Everyone loves a holiday, whether its celebratory activities involve opening gifts, popping off fireworks, or just getting together with family to fight about politics. However, they’re not always a good time. Holidays can be horrifying, but which one is the scariest? That’s what we’re here to find out.
We decided to count down the scariest holidays of the year, based on the number of horror movies dedicated to the special day. The movies were largely pulled from Wikipedia, All Horror, and other lists, and then narrowed down based on a few criteria. For starters, the bulk (or main climax) of the movie had to take place during the holiday in question. Second, it couldn’t be about people simply travelling from one place to another for a holiday celebration, unless the holiday played an active part in the story itself — you’d be surprised how many movies simply say “We’re driving home for Christmas!” and then have jack-all to do with Christmas. Finally, if it was an anthology film all the pieces of it had to be about the same holiday.
I also chose to selectively incorporate Hulu and Blumhouse’s Into the Dark films into the list. They cover a lot of obscure holidays, and if I dedicated a spot to each one it would have doubled the list and thrown the whole thing off. So, I’ve found a compromise: If there’s an Into the Dark film that fits into an entry already on the list, I will add it there. But if it’s for a more obscure holiday, like the Father-Daughter Day episode, it will be included in a Special Mention section at the bottom of the post.
If you feel any movies are missing, be sure to leave me a note in the comments — chances are I chose not to include it for the reasons stated above, but it’s possible that it was one I didn’t come across in my searches and can add it after publishing.
13. U.S. Memorial Day: 1 Movie
The first holiday on this list barely counts, but dammit I’m committed to making this as accurate as possible — even if the movie’s primary connection to Memorial Day is the fact that it mostly takes place on Memorial Day. Besides, 13 is kind of a perfect number.
Memorial Day (1999)
This is a low-budget slasher film about a Jason/Freddy hybrid who targets a bunch of teens at Memorial Lake during the Memorial Day weekend holiday. It counts, just technically.
12. Hanukkah: 1 Movie
There may be several holiday horror movies about Christmas (more on that later), but none were telling an equally frightening tale for the Festival of Lights. Until last year, when we finally got the first (and only) Hanukkah-themed horror film so far.
Hanukkah is about a group of rebellious Jewish teens who are being targeted by a serial killer who thinks God is giving him commandments to kill those who aren’t honouring the faith, namely neo-Nazis and “bad Jews.” It was written and directed by Eben McGarr, who was raised Catholic but told Forbes he grew up being “inundated with Jewish culture” from his friends, and wanted to make a holiday horror movie that respected the faith. Your mileage may vary!
11. May Day: 2 Movies
May Day is the ancient festival of spring, fertility, and rebirth, and so has gotten its (small) share of folkloric horror tales. The most notable would be The Wicker Man, the 1973 horror classic that spawned a sequel in 2006 where Nicolas Cage had bees stuck to his face (although that one didn’t take place on May Day). There have also been a couple of horror flicks that took place around the summer solstice (Midsommer), but May Day is a bit more precise in its daylight-filled terrors.
The Wicker Man (1973), Witchouse (1999)
Highlight: Witchouse (1999)
Witchouse is a cheesy 1999 horror film about a girl named Elizabeth who gathers a bunch of friends for a party on May Day, and asks them to participate in what she calls a “Mayday Séance.” It turns out she’s the descendent of a witch named Lilith who was burned at the stake. Elizabeth is looking to resurrect her ancestor with the help of her unwilling friends who have a deeper connection to Lilith’s death than they might realise.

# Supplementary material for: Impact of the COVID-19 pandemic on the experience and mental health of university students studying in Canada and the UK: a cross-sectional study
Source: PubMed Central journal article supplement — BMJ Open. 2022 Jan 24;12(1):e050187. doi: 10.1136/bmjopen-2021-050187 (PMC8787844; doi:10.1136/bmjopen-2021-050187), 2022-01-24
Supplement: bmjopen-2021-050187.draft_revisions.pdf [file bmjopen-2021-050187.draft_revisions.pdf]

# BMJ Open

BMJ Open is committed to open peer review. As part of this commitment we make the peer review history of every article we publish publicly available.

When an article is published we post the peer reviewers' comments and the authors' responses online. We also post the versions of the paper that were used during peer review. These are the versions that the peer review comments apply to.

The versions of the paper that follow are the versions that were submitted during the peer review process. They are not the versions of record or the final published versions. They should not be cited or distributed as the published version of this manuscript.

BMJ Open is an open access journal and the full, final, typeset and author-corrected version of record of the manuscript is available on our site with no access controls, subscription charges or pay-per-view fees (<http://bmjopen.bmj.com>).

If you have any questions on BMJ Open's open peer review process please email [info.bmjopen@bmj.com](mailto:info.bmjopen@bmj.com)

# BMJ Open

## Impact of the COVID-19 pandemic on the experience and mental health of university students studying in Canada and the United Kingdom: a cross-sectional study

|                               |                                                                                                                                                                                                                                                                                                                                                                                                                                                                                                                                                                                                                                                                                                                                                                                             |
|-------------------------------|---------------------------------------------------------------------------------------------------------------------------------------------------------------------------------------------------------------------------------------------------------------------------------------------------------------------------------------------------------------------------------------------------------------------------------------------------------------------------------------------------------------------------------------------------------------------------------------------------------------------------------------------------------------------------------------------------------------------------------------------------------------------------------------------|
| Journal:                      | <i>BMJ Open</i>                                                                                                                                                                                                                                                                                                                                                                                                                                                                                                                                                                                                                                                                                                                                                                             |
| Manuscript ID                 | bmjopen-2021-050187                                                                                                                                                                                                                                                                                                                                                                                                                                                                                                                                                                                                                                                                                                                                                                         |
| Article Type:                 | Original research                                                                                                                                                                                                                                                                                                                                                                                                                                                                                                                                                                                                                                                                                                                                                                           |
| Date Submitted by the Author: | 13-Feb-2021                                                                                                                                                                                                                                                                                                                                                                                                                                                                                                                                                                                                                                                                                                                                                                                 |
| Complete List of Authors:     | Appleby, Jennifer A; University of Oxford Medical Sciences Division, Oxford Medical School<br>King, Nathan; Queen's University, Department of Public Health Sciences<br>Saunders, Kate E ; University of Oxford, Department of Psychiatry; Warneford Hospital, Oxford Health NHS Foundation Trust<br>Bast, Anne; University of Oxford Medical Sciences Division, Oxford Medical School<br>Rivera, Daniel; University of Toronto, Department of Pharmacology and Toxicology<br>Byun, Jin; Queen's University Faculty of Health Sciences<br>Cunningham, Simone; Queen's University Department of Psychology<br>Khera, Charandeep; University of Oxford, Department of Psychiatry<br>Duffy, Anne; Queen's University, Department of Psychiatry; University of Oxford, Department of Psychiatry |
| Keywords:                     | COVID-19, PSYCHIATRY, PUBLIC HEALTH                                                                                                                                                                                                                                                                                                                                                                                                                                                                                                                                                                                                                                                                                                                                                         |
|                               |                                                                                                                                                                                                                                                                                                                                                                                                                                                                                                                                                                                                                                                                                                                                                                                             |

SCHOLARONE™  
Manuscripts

10. U.S. Independence Day: 4 Movies
Sadly, none of these are about Will Smith punching an alien in the face. The Fourth of July is a celebration of American patriotism, which has apparently made it an unpopular subject for horror films (except on Into the Dark, which takes up half this list). Even The First Purge, which was released on July 4, didn’t take place on the holiday.
Jaws (1978), Uncle Sam (1996), Into the Dark: Culture Shock (2019), Into the Dark: The Current Occupant (2020)
Sharks have been terrorising big screen beaches for decades — way more than they do in real life, actually. But in Hollywood, you have to be more than just a regular old shark to get a fin up on the humans. Sometimes, being a movie shark means you’re a smarter...Read more
Highlight: Uncle Sam (1996)
Uncle Sam is a horror-comedy about a soldier killed in the line of duty who becomes an undead monster who goes about killing people on Independence Day while dressed in an Uncle Sam costume. It’s definitely got some weird patriotic vibes, as the murderer punishes politicians and people who desecrate the American flag. But it turns out he’s also a masochist who enlisted in the military as an excuse to kill people. So, pobody’s nerfect.
9. St. Patrick’s Day: 4 Movies
We’ve got a whole series about a killer leprechaun, but this magical holiday is sorely lacking in the horror department. Even though the Leprechaun series has spawned several horror flicks about the murderer at the end of the rainbow, the holiday itself has been largely ignored. In fact, only one Leprechaun actually takes place around St. Paddy’s Day.
Maniac Cop (1988), Leprechaun 2 (1994), Red Clover (2012), Into the Dark: Crawlers (2020)
Highlight: Maniac Cop (1988)
Robert Z’Dar and Bruce Campbell star in this 1980s B-movie about an undead cop who’s come back from the dead to seek vengeance on everyone who did him wrong. The big climax of the film takes place during New York’s St. Patrick’s Day parade and parts of it were filmed during the actual celebration.